Sunday, October 16, 2011

Food: The Good, The Bad, and The Nasty

Today is World Food Day, Food is the theme for Blog Action Day 2011 and if there ever was a unifying theme for humanity, food would be near the top of the list. Some eat with their hands, some with cutlery, some with chopsticks, but who doesn't love food? Ice cream on a hot day? Chilli in the winter? Turkey dinner with family at thanksgiving?
Every person, everywhere, needs and loves food. The problem is that it is becoming increasingly difficult for people to consume the quality and quantity of food needed to lead a healthy, productive life.
Instead of writing an academic piece about food, malnutrition, poverty, or agriculture, I decided to share from my experience why food is so important, and a few different sides of malnutrition.
In coming to Ghana, I expected to see small children with bloated bellies, begging for food all over the place. I do see this sometimes, but more often than not the poverty I have experienced has been a poverty of malnutrition, not always hunger. Many have the basic food, but they lack money, and opportunity. Most Northerners in Ghana are farmers and thus, produce for themselves staple crops like maize and rice, and most compounds have at least a few animals; goats, sheep, chicken, cows, or more. Yet still, I have seen first hand that people may be able to eat every day, but it is often not nutritious enough.
Not enough protein, not enough fruits and vegetables, not enough variety.
Fufu with lightsoup is great, TZ with bra is not bad, but eating the same thing day in and day out is not the most exciting for your palate or your development.
Worse than this is eating nasty food. Nasty food may not appear to be nasty at first,it may actually be quite tasty and likely cheap, but the outcomes are nasty. Whether vomiting, or diarrhea, your body will try to reject whatever bacteria or parasite accompanied the other ingredients down your throat. I'm sure anyone who has been to a developing country has likely experienced this. It sucks. But even this state is manageable; you pop some meds for travellers diarrhea, likely Cipro, and before you know it your stomach is back to normal. But for some, this is a persistent lifestyle, and buying medicine is likely not high on the priority list, or just too expensive. And diarrhea remains one of the leading causes of death for children globally.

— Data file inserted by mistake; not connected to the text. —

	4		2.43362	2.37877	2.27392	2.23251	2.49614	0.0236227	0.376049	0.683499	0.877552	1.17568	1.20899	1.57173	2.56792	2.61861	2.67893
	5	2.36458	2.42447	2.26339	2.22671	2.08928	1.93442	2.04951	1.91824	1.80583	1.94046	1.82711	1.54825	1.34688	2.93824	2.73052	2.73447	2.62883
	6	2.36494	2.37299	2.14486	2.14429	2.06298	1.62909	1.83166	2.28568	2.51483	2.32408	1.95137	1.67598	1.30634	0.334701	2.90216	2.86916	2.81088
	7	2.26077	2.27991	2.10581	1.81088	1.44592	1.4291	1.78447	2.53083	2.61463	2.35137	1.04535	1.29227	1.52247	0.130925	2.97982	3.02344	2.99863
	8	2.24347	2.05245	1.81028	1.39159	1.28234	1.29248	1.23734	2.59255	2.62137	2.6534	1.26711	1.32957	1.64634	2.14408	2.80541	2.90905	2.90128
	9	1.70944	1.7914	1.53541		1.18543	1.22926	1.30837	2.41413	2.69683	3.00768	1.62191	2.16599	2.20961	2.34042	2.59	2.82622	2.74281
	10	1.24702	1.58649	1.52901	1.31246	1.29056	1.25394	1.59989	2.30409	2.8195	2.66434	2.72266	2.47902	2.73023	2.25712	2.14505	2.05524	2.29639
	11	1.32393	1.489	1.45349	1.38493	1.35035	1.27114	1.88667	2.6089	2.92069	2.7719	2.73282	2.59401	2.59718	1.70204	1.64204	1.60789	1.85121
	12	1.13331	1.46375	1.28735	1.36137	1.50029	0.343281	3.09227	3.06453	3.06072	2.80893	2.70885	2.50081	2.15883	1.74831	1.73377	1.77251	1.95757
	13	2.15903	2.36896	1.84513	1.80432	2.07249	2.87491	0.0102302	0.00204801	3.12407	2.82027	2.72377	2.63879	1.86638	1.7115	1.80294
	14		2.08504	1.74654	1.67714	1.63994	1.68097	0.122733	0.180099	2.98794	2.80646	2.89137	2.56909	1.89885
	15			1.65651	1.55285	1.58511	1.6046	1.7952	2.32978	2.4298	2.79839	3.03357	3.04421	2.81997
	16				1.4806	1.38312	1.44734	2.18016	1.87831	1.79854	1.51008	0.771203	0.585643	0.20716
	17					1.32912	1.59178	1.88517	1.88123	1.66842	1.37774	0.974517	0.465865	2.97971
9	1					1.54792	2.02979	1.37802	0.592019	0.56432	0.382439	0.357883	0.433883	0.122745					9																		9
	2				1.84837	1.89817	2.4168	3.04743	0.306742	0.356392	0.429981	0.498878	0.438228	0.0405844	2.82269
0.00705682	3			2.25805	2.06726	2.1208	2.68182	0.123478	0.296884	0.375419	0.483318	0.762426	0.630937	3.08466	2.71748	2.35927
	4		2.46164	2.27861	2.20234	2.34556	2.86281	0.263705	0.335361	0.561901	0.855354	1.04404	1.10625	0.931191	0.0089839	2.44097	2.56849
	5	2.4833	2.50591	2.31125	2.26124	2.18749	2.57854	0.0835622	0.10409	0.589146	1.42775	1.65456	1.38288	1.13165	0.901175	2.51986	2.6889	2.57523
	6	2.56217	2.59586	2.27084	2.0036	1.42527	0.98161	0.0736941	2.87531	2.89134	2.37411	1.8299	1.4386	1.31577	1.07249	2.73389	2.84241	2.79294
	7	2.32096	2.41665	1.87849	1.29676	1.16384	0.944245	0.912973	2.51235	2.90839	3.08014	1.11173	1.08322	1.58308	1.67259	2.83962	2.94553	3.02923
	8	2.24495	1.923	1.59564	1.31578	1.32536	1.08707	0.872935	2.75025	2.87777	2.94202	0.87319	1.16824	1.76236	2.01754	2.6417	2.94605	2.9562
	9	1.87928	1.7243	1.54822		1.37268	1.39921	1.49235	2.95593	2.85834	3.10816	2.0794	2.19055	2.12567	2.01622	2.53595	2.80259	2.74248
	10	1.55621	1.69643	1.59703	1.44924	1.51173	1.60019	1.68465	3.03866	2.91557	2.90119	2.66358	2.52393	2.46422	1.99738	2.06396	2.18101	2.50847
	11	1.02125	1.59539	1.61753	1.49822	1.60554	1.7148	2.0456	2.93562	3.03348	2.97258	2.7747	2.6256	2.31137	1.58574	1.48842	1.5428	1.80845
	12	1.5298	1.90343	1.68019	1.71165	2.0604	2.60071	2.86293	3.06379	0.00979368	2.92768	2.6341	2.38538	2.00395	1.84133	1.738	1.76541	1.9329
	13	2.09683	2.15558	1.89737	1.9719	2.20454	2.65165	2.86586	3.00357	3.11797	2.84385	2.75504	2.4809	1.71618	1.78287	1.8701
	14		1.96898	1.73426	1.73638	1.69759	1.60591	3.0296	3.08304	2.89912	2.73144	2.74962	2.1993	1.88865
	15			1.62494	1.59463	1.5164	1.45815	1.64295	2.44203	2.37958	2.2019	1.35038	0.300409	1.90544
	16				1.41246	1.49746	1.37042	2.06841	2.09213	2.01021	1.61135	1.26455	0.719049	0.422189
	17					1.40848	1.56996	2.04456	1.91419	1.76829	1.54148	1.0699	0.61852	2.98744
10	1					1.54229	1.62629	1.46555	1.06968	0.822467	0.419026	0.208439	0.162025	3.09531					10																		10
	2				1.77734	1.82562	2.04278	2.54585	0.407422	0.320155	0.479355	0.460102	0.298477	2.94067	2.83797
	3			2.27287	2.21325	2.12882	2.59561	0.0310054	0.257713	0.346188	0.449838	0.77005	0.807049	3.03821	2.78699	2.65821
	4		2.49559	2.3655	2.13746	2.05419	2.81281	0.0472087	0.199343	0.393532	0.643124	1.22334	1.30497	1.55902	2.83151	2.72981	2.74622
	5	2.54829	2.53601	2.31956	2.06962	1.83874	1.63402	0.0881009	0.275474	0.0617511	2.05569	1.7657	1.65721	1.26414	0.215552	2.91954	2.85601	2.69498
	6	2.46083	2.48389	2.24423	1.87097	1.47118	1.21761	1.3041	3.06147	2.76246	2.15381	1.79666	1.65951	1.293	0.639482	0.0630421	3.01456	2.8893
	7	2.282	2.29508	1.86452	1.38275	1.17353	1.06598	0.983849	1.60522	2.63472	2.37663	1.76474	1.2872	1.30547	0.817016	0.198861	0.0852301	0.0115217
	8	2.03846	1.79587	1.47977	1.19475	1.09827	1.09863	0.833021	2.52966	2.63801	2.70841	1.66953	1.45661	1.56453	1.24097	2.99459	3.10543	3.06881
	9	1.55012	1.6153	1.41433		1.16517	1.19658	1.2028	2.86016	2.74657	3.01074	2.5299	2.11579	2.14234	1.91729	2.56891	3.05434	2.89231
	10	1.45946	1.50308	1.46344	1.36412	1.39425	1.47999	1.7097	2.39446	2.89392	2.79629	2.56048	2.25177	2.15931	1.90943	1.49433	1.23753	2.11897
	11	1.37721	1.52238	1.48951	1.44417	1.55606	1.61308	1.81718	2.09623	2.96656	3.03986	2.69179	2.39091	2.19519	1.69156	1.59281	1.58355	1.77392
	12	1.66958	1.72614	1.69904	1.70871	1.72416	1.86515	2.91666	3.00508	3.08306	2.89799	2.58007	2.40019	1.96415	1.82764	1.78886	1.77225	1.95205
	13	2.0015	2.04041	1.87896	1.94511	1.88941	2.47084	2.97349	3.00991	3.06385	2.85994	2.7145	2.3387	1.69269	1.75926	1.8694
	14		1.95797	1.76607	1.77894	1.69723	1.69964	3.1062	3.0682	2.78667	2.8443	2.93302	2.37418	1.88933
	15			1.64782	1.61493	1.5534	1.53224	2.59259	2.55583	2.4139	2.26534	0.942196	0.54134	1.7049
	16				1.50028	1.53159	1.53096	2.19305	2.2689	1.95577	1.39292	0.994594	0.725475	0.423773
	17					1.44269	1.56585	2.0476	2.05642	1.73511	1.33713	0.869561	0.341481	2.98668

I think about children I know who look years younger than they are, children who miss several days of school every month because they are not well, and children who walk to school in the heat, hungry, without 5 pesewas to even buy water to drink, let alone food. For some, the dry season (or lean season) means they only get 1 or 2 meals per day. As the rainfall becomes more and more infrequent, they know their daily food habits are about to undergo significant changes.

The problem of food, hunger, and malnutrition is surely a global one but I hope we also see it as a very personal problem. I am grateful for the food I have each day, and that I have the luxury to invest in my health and nutrition. I pray for those who are hungry today, those who are malnourished, and I hope that with increased awareness and efforts by donors and development partners, 2011 and 2012 can be marked by significant strides in the direction of global food security.